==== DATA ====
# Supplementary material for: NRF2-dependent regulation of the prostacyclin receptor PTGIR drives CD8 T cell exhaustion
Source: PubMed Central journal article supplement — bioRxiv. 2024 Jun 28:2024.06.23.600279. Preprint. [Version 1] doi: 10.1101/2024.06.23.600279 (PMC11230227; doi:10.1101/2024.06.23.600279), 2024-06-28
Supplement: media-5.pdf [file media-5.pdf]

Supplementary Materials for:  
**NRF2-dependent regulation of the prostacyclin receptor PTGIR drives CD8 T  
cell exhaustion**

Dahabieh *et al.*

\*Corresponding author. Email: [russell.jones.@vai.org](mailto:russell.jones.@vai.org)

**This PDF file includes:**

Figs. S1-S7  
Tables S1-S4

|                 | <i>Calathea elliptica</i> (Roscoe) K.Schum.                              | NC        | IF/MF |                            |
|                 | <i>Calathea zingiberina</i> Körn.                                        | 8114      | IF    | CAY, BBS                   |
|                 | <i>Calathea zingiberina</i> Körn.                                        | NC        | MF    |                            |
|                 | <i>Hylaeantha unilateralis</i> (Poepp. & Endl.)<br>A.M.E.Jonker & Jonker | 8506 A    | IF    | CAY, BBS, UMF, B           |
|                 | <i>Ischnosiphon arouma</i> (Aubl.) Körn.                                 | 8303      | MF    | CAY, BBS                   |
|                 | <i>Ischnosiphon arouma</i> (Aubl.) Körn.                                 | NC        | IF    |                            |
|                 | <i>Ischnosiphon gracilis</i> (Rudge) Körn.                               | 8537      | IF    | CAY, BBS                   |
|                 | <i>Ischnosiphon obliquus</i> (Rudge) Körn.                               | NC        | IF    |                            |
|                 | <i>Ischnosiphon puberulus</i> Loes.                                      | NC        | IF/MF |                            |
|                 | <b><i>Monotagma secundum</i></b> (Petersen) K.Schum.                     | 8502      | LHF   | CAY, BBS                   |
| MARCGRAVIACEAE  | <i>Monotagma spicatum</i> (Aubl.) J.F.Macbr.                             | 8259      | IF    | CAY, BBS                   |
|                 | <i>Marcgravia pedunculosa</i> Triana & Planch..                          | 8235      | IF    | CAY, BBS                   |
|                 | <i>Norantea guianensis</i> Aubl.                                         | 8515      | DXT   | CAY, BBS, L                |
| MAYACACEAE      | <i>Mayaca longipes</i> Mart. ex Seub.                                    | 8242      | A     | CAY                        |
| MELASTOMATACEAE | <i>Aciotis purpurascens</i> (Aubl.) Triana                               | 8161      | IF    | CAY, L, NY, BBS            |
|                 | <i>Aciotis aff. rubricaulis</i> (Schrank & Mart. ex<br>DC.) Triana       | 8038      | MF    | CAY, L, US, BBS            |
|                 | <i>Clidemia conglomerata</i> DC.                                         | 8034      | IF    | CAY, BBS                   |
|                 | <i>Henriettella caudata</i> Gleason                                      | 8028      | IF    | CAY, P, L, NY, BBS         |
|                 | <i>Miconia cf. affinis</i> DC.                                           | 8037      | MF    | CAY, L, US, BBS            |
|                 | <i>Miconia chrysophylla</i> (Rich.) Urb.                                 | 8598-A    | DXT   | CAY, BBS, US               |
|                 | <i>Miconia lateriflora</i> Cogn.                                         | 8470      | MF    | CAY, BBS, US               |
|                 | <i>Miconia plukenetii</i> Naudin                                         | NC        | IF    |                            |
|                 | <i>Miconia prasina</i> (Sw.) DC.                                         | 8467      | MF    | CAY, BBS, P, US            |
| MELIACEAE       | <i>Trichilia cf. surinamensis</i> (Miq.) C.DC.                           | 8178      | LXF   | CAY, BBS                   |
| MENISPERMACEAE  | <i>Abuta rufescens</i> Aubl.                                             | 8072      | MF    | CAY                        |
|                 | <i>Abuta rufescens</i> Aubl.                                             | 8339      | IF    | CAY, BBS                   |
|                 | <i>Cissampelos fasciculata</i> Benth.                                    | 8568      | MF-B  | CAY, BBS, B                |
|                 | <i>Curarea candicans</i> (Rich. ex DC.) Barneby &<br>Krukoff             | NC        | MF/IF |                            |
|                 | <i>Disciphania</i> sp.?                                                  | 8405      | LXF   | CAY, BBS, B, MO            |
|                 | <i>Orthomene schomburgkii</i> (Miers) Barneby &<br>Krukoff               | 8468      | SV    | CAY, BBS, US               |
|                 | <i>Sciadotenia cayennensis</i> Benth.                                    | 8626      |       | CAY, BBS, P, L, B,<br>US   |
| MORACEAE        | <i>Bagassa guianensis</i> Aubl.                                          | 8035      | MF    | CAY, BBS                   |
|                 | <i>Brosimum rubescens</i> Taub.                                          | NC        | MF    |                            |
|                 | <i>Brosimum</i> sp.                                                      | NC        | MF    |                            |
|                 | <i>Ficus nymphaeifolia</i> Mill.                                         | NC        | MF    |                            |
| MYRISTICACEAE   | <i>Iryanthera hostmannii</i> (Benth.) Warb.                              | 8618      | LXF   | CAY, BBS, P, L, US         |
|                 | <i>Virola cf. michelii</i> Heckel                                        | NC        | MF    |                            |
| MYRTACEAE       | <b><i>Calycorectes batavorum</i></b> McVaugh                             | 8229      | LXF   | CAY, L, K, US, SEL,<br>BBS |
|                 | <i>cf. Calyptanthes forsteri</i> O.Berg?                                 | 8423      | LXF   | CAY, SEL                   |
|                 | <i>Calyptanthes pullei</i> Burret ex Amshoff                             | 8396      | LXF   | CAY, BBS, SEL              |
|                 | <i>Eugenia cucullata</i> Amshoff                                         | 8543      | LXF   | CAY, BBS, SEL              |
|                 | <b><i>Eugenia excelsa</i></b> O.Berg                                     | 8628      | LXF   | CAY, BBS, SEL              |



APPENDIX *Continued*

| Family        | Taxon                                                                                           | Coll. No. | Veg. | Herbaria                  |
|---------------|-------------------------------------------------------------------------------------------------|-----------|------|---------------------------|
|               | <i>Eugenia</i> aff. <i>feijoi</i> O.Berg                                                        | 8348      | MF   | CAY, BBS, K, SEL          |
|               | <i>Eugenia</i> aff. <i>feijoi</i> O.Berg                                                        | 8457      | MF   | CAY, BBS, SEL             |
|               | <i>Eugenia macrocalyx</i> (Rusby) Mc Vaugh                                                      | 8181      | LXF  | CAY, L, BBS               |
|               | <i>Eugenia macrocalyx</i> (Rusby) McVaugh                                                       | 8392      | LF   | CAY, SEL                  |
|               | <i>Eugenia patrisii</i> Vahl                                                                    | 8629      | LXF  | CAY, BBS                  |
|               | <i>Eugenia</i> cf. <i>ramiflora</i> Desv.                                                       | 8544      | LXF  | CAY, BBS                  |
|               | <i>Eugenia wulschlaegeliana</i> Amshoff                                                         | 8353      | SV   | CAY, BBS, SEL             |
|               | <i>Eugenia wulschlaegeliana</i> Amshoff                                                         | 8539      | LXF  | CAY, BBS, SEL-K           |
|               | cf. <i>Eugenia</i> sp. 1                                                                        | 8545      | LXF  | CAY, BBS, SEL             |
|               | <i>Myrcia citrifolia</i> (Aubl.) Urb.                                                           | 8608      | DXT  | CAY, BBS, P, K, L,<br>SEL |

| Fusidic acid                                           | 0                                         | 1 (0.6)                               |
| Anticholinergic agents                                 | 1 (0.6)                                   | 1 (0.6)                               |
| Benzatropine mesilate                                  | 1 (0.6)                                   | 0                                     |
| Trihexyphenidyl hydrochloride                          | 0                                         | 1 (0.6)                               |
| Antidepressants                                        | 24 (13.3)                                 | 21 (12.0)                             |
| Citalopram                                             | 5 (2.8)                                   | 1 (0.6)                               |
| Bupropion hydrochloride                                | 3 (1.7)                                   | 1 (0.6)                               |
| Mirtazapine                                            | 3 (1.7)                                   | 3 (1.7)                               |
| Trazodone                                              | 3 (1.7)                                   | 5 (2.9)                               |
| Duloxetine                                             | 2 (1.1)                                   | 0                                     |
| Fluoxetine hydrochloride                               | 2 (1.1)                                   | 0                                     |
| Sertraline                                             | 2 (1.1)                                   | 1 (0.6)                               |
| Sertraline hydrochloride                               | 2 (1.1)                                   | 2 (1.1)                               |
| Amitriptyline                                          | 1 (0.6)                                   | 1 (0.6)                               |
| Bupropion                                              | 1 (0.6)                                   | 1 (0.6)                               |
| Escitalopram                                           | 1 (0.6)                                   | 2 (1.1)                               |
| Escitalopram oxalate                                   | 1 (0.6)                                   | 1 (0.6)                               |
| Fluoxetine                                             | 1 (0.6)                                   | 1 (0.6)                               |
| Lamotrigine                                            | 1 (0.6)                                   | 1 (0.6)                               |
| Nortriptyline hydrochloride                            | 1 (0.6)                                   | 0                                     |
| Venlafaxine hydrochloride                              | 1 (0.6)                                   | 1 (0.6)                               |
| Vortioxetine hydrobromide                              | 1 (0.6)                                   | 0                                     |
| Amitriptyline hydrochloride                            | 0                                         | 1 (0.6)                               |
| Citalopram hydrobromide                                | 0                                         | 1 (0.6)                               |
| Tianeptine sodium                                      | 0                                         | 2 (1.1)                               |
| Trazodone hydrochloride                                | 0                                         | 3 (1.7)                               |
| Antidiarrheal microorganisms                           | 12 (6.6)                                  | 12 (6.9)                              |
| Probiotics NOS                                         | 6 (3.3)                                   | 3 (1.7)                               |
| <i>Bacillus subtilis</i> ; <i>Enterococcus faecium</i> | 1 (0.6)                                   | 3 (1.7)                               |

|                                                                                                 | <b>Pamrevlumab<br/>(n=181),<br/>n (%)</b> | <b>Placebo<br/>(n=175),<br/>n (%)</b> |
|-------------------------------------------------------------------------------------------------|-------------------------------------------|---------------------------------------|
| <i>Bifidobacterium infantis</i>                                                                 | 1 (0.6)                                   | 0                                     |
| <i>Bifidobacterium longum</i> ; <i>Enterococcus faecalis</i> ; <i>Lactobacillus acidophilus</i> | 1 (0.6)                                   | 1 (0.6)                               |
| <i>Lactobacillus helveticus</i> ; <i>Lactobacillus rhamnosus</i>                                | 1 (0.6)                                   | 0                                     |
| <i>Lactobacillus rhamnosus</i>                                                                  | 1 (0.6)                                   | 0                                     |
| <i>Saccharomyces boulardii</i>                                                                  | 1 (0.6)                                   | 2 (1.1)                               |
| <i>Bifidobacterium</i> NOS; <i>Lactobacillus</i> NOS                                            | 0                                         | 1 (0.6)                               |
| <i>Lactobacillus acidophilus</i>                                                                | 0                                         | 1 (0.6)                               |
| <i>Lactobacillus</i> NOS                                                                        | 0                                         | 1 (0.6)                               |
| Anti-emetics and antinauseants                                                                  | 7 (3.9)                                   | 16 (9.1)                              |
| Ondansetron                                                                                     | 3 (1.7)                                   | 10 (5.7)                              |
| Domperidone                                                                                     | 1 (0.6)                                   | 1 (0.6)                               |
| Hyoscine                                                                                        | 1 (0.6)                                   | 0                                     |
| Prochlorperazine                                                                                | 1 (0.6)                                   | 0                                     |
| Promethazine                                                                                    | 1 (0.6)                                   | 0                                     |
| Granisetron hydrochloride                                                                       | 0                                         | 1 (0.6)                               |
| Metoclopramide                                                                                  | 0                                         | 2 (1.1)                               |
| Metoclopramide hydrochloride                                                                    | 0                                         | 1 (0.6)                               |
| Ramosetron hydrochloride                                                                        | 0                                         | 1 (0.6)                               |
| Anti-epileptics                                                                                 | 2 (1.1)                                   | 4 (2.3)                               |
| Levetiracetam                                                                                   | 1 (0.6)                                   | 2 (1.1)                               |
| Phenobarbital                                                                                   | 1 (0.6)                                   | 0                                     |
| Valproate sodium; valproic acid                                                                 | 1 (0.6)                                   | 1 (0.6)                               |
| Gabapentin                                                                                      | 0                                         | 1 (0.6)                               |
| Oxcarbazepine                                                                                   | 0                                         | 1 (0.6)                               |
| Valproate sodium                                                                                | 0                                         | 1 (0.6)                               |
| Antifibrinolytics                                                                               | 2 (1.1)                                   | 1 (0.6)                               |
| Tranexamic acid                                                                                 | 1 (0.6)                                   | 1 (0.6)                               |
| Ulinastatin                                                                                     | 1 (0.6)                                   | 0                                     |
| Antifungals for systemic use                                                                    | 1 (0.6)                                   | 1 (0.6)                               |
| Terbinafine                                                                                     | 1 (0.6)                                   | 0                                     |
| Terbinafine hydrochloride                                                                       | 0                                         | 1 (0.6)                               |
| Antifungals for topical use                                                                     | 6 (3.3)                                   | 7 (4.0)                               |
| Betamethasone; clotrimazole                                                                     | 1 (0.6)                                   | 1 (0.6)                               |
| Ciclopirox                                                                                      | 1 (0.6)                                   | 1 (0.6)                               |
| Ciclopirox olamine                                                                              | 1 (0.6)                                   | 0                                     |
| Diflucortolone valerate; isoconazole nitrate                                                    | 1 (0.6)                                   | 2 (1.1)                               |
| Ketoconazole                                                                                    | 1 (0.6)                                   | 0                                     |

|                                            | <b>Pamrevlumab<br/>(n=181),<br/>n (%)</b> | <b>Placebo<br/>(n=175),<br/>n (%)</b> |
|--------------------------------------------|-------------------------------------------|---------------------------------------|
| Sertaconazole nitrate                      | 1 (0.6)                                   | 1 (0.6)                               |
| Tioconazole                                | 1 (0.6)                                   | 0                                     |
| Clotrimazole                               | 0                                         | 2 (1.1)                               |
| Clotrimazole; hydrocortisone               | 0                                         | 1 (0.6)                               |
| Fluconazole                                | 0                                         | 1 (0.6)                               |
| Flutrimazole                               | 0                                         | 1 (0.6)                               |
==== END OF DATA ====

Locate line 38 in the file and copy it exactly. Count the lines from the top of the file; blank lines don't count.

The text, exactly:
|                 | <i>Cissampelos fasciculata</i> Benth.                                    | 8568      | MF-B  | CAY, BBS, B                |